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Jun 26 2014

In Singapore, the Shangri-La Dialogue reflected tensions in Asian security

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By Kamila Pieczara, PhD student in Politics and International Studies (PaIS), Warwick University


2002 was a year of crisis between Pakistan and India, which almost resulted in war.[1]

140530-M-EV637-359This was also the year of the first Asia Security Summit, convened in Singapore by the London head-quartered International Institute for Strategic Studies (IISS): the Shangri-La Dialogue. The IISS chief executive Dr John Chipman informed the audience in that year’s Dialogue about the connection between the Indo-Pakistani conflict and the summit’s mitigating role, showing that summit diplomacy can mean more than simply words to be forgotten. Apart from the role of the Shangri-La Dialogue in appeasing the Indo-Pakistani conflict, another example he quoted was of the IISS’s Middle East Manama Dialogue 2013, where Chuck Hagel promised to foster links with the Gulf Cooperation Council countries, and followed up on that task in 2014.

A specific dialogue at the Shangri-La emerged between the Chinese People’s Liberation Army General Wang Guanzhong and the U.S. Secretary of Defence Chuck Hagel, and between the Chinese representative and Japan’s Prime Minister Shinzo Abe. China took note of the indirect messages aimed at it in Shinzo Abe’s speech at Shangri-La, which approved of the ‘rule of law at sea’, and of the direct messages in Hagel’s statement: that the United States will “not look the other way” in response to China’s “unilateral” actions. Furthermore, General Wang noted that Japan, in Shinzo Abe’s speech, went against the “spirit” of the Dialogue, by indirectly criticizing China. Wang’s responses came in his speech on Sunday, 1st June, while Abe’s speech took place on Friday (30th May) , and Hagel spoke on Saturday (31st May).

While many reports focus on the interaction of Gen. Wang with Prime Minister Abe and Chuck Hagel, it would be unbalanced to portray three intensive days as containing only one dominant theme. Notable was also the French defense minister, Jean-Yves Le Drian’s speech, in which he drew lessons from the French engagement in Africa for their possible application in the Asia-Pacific region. Of further note was also the discussion on crisis management in the region, with reference to the missing plane of Malaysian airlines (MH 370). Another Asia-Pacific power to participate was Russia, represented by the deputy defence minister, Anatoly Antonov, who curiously fell short of including Ukraine in his prepared remarks, and chose to elaborate on the so-called “colour revolutions” of the Middle East and North Africa.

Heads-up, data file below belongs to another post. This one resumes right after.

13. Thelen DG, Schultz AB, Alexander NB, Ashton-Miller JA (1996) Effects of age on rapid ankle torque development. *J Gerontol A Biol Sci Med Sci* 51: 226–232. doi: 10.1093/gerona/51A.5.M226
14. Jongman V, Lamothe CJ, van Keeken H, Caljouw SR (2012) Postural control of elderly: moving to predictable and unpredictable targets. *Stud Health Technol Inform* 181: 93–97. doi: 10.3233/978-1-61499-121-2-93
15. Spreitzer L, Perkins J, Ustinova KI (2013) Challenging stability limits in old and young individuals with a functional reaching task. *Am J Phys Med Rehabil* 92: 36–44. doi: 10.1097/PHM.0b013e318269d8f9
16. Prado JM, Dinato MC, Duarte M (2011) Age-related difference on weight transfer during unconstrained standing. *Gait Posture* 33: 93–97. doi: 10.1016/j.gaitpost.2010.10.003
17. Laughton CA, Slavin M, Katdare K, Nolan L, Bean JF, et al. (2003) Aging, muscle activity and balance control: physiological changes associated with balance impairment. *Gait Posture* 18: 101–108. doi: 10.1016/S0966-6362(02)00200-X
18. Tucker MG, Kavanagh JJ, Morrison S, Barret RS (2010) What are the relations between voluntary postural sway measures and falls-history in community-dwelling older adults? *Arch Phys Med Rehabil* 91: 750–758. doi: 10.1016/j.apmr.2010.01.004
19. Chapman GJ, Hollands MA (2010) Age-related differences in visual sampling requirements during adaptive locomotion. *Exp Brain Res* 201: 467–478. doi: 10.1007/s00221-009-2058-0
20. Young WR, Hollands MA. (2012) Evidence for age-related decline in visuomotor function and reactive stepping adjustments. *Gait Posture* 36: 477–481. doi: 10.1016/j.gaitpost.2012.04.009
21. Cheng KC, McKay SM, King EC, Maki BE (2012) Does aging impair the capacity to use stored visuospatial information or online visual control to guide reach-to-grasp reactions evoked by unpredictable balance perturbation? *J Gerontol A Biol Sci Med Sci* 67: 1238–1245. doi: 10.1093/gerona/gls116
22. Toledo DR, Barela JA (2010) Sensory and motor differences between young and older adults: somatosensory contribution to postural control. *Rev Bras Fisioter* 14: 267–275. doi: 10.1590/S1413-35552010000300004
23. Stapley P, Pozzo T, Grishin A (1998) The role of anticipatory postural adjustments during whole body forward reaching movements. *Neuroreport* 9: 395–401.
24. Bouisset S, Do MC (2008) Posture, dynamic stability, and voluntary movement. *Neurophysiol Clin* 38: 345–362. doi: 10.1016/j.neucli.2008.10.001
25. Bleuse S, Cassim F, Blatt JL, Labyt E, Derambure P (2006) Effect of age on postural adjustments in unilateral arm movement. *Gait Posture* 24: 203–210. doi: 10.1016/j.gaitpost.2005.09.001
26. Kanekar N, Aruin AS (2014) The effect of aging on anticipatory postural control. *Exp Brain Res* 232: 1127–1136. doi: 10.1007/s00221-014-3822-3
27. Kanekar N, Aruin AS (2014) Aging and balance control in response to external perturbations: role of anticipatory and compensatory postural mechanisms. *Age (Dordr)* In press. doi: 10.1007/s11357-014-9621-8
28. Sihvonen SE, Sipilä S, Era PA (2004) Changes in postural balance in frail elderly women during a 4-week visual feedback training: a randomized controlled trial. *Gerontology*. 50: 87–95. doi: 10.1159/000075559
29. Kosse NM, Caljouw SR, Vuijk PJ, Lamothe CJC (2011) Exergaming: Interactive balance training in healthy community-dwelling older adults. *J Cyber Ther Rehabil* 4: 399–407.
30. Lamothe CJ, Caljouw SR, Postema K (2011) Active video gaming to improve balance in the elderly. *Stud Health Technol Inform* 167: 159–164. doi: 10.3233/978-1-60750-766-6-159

What could we have expected from this year’s Summit? It would be refreshing if China took home the message that some rationale underpins the generally critical reception of its actions, and a mixed reception of Gen. Wang’s speech, which was followed by a multitude of remarks from the audience. If China instead perseveres on the course of collision, on which it is now, then its Shangri-La speech will be a true reflection of its actual position.

China is now in a serious spat over the Senkaku Islands (in Japanese)/ Diaoyu (in Chinese), and is also in conflict with Vietnam. China placed an oil rig recently in disputed waters. That other Asian countries, especially in Southeast Asia, seem to welcome Abe’s promise of Japan’s increased participation in dealing with those security issues should come as no surprise. Why is China surprised by such a course of events? What would China expect of Japan: to completely withdraw from voicing its position on regional affairs? That is unrealistic. Japan will certainly not guard other states’ interests, if this is what China fears. Instead, a more intensive Japanese participation will lead to more balance, which is needed for smaller countries that cannot shape events on their own. Of course, China’s position is to some extent understandable. If it acted according to international law, as it stands, it is likely to lose its claims. This was rightly observed by Singapore’s Defence Minister, Dr Ng Eng Hen, in his closing address at Shangri-La on the 1st June.